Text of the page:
Film

The Croods: A New Age

The Croods: A New Age manages to skate by on whimsy and craziness. Like the preceding film, it is cranked up to 11 the entire time

The Croods: A New Age manages to skate by on whimsy and craziness. Like the preceding film, it is cranked up to 11 the entire time but little pockets of emotion to give it heft. The original Croods came out in 2013 and the sequel is coming out in 2020 which is almost an ice age length between animated installments, but this does a good job of setting up the world and getting to the point quickly. In broad strokes, the plot is basically the same as the first film as a new, more evolved humans cause disruption with the stone-age family, but this keeps things zippy with an energetic cast and rapid fire gags. It may not be an innovative animated entry, but it is a solidly enjoyable one.


The Croods are a prehistoric brood compromised of daughter Eep (Emma Stone), mother Ugga (Catherine Keener), father Grug (Nicolas Cage), son Thunk (Clark Duke), Gran (Cloris Leachman), crazy toddler Sandy and the homo sapien they picked up on their last adventure, Guy (Ryan Reynolds). They come across a more evolved family of humans living behind a gate with plentiful resources named the Bettermans with father Phil (Peter Dinklage), mother Hope (Leslie Mann) and the sheltered daughter Dawn (Kelly Marie Tran). Even more astonishing, the Bettermans were close friends with Guy’s parents so he is basically coming home after a long time on the road. While most of the Croods take to being a Betterman easily, Grug is standoffish, not liking how the family are growing apart. But it turns out Grug’s jealousy towards his new hosts may cause a giant problem that will send their newfound home crashing down.
The voice actors are basically doing a lot of hollering but it fits because the animation is incredibly exaggerated. Thankfully, the few moments the intensity slows down and they have to deliver emotional pathos, it feels earnest. Dinklage as Phil is perfectly condescending and smarmy and when things get intense his screaming is so loud it gets a laugh. Probably the best, weirdest scene is when Grug and Phil are in Phil’s man cave as Phil gets Grug to bend to his idea. His man cave turns out to be literally a secret cave where Phil hangs out, not the best joke but sometimes obvious ones are amusing. Dinklage has always leaned towards being a campy actor so it’s fun to hear him go fully out there.
The movie is at its best at with frantic, split second gags, like a recurring bit when someone gets jabbed in the eye that is called back enough times with the exact same reaction that it becomes hilarious. The Croods: A New Age moves so fast it may be headache inducing if one isn’t in the proper mindset for zaniness. Eep explains her various scars to Dawn in a rapid-fire bit that takes about 5 seconds but it spurs her to take Dawn out for a ride outside of the compound walls and Dawn is ecstatic when she gets a scar of her own. Like the rest of the voice cast, Tran is dialed way up but since most of her live action performances are rather subdued it is funny to hear her squealing. Dawn getting a bee sting infection has one of the funnier moments in the film when Guy frantically tries to hide her grossly swollen hand from her parents.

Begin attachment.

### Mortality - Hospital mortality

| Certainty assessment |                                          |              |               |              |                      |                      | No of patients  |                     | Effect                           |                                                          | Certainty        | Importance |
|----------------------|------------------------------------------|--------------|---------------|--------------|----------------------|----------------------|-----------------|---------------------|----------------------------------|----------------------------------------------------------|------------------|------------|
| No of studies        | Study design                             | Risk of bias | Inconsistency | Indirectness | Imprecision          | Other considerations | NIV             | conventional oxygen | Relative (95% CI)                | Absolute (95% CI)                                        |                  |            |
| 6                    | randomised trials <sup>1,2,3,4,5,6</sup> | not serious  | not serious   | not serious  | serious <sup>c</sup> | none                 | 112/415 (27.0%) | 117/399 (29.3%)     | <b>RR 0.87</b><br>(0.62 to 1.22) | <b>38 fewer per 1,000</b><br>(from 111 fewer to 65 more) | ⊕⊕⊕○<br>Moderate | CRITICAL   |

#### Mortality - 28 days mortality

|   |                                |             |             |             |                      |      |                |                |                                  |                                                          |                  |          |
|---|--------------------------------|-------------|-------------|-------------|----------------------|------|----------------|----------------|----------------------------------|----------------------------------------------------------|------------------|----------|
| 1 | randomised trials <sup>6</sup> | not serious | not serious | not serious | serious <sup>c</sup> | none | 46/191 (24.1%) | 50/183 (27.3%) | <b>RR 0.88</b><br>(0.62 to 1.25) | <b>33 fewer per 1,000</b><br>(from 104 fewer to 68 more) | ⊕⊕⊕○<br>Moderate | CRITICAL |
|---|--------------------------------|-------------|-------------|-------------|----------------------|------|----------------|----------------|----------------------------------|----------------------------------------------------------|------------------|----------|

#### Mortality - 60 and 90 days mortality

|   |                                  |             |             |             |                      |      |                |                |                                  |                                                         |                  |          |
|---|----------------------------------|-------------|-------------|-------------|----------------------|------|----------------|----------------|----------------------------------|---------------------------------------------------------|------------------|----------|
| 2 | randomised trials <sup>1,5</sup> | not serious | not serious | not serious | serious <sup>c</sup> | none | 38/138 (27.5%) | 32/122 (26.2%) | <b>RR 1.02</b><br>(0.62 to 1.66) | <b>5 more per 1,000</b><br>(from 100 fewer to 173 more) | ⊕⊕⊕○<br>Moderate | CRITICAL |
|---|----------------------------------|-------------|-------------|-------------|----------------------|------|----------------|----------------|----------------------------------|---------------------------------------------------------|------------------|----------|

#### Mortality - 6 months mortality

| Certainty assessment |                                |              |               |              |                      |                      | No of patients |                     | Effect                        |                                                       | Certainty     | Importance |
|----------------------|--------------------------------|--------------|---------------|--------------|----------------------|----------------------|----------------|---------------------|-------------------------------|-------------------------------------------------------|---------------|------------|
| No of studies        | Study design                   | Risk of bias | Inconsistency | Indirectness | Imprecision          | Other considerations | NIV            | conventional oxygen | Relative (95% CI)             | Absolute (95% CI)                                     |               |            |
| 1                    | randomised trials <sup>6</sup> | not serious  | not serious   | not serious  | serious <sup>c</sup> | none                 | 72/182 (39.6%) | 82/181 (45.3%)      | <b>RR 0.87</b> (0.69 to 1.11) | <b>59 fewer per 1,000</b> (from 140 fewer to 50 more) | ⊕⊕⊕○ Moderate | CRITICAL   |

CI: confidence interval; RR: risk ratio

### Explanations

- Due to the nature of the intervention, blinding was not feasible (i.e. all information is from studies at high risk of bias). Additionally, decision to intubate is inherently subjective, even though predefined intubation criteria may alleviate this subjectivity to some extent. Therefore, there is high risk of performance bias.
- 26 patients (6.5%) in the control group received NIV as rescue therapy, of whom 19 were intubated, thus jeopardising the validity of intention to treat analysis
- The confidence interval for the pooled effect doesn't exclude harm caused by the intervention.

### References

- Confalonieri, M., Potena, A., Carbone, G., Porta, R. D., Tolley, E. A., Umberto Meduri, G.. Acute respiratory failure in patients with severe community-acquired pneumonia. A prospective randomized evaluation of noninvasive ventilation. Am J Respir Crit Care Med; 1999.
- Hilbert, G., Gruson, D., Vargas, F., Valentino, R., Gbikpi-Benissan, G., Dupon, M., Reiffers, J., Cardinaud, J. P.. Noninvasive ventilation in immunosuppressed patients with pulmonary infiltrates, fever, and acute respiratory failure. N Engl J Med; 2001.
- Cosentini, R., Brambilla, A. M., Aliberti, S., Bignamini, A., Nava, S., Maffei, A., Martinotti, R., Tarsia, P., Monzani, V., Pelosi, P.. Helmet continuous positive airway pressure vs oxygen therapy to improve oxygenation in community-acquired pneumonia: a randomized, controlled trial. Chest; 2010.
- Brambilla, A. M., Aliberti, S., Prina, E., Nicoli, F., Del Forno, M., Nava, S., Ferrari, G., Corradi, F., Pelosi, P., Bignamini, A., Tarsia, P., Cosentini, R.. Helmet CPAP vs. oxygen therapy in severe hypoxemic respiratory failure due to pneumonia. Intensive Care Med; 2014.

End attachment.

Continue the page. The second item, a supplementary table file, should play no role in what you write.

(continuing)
The running bit about Thunk being addicted to viewing things through a window as a metaphor for smartphone addiction is basically just one gag over and over but it has some fun reactions. The movie more focuses on developing some characters, leaving the remaining Croods crew to basically be sight gags. The toddler Sandy is basically a pit-bull providing funny quick visual jokes. The Grandma gets in a stirring speech about them being “Thunder Sisters” coming together for a “Charge!” attack (with their own logos!) that is ridiculously over the top but stirring.
Unsurprisingly but enjoyably, there is an outside threat that unites them. The set-up for the outside threat is a little easy to figure out; Phil keeps telling the Croods they can’t eat any of the bananas lying around and it is quite obvious he is using the bananas as an offering to keep a larger monster at bay. This causes the men to be captured by Punch Monkeys which leads to a very funny scene when Guy reveals he’s fluent in Punch Monkey which is basically an excuse for him to be punched in the face repeatedly and Reynolds has some funny exasperated reactions (“I am not translating that again!” he says after being punched about five times). The finale is a candy-coloured giant monster fight with rapid gags and over the top gross out moments. And the credits play over a Tenacious D cover of “I Think I Love You” which may be on the nose thematically but feels right.
The Croods: A New Age doesn’t push any boundaries, but it is a solid sequel that shows this family is worth revisiting every few years. As the cast are all screaming chaos it is nice and frantic which makes New Age an enjoyable, if incredibly loud, animated division.
The Croods: A New Age
4 stars
Director: Joel Crawford
Starring: Nicolas Cage, Emma Stone and Ryan Reynolds

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